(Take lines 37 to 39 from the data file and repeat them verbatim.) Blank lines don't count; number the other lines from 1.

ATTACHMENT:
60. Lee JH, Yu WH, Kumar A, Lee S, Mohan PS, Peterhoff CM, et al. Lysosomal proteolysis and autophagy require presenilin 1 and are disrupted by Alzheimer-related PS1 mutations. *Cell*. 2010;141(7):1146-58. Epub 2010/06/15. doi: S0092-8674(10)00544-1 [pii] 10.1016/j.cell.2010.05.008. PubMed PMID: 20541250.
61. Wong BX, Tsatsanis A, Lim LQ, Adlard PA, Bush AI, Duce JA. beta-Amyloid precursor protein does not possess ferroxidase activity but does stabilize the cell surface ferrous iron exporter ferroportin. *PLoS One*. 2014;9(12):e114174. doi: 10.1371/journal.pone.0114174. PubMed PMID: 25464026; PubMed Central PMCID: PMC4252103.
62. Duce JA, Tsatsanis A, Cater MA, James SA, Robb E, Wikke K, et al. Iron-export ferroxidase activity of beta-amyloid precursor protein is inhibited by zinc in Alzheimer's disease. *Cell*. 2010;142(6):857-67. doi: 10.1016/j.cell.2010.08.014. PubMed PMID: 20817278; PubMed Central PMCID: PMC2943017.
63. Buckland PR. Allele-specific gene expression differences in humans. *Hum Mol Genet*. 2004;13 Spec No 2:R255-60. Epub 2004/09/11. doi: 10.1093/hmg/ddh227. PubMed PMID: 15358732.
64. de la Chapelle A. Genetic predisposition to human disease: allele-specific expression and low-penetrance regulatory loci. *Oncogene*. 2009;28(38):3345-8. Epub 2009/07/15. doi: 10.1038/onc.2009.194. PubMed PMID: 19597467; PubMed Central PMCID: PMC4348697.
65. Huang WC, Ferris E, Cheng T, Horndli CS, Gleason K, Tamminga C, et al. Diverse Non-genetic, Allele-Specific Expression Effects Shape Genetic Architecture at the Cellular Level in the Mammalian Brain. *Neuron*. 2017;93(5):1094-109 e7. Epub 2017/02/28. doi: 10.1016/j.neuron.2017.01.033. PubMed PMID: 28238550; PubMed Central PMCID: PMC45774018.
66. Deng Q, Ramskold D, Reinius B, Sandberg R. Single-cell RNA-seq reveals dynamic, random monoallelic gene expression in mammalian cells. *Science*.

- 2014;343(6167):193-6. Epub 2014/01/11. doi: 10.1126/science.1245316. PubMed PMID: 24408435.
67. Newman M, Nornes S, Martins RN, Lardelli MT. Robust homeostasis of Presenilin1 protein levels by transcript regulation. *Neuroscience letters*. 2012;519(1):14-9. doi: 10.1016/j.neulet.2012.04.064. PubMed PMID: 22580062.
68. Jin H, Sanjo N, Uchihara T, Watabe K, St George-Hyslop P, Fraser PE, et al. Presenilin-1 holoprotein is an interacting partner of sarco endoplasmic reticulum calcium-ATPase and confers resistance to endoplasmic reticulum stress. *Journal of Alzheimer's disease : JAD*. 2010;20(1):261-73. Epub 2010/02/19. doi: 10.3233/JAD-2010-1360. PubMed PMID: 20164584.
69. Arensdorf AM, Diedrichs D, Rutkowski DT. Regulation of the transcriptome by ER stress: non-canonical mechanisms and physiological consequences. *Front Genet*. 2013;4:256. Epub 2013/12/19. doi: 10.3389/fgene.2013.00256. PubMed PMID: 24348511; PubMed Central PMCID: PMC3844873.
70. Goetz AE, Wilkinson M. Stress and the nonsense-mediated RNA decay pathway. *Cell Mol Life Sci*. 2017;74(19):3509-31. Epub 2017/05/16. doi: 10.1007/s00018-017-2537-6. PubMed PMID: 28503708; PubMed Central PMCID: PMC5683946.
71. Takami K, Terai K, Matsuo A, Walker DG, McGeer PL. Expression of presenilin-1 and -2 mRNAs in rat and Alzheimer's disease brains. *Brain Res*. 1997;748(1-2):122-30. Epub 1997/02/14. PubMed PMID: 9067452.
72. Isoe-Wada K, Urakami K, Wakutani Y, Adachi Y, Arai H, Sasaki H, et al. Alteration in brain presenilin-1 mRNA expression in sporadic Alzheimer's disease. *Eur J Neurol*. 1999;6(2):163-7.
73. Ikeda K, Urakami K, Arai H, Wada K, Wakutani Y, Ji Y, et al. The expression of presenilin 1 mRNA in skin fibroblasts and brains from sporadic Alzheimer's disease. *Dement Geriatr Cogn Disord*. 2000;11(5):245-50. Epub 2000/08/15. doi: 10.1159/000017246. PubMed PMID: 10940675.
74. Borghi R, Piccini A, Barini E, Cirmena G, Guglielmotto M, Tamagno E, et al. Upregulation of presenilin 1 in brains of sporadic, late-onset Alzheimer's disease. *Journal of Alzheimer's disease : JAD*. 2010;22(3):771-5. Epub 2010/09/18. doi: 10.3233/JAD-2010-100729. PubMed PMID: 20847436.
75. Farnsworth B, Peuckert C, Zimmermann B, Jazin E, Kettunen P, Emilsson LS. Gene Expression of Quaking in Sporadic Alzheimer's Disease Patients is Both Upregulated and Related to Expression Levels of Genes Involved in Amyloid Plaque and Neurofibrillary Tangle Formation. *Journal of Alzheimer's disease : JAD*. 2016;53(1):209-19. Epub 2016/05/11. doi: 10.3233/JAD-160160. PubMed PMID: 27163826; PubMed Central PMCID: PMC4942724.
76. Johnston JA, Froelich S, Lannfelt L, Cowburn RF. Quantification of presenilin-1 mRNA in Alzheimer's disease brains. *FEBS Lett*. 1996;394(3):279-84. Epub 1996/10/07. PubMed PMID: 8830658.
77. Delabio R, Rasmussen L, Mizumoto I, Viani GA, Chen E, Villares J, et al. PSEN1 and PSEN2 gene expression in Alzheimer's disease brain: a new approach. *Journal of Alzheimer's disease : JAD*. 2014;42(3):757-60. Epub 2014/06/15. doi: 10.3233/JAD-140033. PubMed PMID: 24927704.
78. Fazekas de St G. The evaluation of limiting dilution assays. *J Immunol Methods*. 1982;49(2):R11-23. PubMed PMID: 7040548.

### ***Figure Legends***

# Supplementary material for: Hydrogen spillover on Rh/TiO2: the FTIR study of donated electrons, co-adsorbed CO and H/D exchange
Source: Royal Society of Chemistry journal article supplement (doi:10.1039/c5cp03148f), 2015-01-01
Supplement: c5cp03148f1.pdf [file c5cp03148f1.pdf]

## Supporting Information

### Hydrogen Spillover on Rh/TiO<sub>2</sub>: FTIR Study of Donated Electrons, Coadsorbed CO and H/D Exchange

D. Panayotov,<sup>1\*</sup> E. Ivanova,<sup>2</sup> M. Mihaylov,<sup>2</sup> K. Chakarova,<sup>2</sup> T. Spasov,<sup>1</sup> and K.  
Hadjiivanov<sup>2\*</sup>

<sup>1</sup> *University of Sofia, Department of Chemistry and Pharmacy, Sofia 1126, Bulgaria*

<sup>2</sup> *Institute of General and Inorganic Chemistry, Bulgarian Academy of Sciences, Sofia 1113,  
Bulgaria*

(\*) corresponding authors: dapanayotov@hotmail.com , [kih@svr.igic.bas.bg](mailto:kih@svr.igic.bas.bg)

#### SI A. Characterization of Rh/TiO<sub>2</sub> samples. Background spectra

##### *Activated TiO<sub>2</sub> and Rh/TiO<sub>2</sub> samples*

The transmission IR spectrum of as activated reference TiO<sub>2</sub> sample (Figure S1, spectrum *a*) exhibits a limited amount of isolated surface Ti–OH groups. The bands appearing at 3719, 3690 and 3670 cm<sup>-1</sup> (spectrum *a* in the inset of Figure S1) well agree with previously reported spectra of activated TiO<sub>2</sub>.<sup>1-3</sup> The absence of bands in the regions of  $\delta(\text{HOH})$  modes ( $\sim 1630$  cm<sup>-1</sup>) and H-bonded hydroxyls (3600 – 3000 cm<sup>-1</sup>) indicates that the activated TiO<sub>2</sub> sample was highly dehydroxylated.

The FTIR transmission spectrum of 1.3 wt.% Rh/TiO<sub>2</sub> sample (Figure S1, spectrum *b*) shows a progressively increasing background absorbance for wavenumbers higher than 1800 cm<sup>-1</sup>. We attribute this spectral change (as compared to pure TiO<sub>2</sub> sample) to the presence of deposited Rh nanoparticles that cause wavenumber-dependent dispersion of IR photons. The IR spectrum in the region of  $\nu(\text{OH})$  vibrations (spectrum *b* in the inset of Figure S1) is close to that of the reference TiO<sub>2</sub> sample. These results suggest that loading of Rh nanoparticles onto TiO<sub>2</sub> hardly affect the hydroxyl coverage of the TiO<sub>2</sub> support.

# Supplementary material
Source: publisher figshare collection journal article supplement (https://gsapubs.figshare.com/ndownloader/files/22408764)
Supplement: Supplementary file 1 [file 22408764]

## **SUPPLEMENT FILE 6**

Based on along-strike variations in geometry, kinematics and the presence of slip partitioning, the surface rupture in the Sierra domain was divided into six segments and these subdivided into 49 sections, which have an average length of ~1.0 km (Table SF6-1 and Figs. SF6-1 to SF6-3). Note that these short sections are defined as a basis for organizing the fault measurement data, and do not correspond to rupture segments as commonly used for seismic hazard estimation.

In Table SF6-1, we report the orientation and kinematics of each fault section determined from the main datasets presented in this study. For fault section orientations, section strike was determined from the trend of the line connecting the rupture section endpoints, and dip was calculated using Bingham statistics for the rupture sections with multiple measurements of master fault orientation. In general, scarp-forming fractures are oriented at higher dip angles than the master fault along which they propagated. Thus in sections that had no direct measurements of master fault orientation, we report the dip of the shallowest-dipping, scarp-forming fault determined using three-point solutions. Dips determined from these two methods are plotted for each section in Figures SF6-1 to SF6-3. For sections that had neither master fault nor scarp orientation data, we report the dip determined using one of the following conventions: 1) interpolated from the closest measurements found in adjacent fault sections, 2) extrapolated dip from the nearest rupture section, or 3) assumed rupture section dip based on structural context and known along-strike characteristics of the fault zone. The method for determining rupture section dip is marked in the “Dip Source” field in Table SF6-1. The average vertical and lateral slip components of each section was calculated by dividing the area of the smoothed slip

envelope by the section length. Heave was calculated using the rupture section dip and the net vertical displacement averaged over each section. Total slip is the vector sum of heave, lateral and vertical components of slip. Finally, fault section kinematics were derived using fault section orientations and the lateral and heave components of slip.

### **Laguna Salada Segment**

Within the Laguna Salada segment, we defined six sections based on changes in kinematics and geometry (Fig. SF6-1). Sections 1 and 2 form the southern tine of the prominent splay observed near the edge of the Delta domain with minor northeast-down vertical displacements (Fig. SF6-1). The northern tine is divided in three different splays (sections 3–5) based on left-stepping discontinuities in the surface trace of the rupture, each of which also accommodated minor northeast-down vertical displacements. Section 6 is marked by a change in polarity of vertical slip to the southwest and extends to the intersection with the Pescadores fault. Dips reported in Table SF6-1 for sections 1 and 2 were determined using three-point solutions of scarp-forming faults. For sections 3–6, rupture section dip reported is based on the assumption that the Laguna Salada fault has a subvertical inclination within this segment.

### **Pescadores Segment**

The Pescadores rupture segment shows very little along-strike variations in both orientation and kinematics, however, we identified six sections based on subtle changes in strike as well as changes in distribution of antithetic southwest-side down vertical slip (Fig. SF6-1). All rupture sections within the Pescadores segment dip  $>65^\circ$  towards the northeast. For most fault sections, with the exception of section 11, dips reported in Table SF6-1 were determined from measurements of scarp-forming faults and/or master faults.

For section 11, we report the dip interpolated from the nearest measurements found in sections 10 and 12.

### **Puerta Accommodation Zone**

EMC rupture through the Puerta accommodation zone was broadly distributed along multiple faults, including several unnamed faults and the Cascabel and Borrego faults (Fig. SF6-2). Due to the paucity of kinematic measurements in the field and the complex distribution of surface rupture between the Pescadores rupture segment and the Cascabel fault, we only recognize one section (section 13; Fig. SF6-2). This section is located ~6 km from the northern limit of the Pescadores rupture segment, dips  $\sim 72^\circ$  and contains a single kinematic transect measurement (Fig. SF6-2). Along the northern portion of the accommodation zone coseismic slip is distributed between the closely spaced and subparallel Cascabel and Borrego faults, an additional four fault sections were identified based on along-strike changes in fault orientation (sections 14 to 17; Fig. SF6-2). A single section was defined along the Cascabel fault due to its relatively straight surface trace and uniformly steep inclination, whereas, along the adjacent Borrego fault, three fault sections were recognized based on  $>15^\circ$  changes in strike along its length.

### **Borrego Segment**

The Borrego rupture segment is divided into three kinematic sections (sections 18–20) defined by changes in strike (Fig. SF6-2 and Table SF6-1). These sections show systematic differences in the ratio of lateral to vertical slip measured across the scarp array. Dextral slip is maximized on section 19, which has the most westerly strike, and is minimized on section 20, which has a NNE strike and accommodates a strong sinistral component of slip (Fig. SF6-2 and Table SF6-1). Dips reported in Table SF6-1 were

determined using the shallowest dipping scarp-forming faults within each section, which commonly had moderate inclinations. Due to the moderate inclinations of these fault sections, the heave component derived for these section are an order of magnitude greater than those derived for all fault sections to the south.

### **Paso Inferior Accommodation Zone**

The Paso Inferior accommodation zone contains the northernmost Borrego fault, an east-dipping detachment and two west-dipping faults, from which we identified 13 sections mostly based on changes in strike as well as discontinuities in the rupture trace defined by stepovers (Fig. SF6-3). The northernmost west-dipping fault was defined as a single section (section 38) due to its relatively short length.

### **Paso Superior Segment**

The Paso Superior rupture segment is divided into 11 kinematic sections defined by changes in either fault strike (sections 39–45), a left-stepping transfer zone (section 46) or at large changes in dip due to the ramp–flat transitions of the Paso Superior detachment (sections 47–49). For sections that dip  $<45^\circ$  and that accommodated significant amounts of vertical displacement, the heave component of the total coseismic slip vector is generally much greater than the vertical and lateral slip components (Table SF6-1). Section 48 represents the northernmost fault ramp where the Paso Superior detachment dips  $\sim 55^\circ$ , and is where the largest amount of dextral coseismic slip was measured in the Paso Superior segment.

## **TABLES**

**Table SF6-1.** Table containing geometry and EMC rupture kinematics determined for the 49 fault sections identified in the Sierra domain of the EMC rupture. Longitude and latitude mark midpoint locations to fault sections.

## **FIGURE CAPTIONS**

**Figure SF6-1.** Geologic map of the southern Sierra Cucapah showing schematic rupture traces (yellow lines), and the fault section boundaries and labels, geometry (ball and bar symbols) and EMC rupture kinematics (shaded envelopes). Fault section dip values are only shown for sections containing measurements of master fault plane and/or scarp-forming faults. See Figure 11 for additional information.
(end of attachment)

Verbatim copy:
# Supplementary material
Source: publisher figshare collection journal article supplement (https://gsapubs.figshare.com/ndownloader/files/22408764)
Supplement: Supplementary file 1 [file 22408764]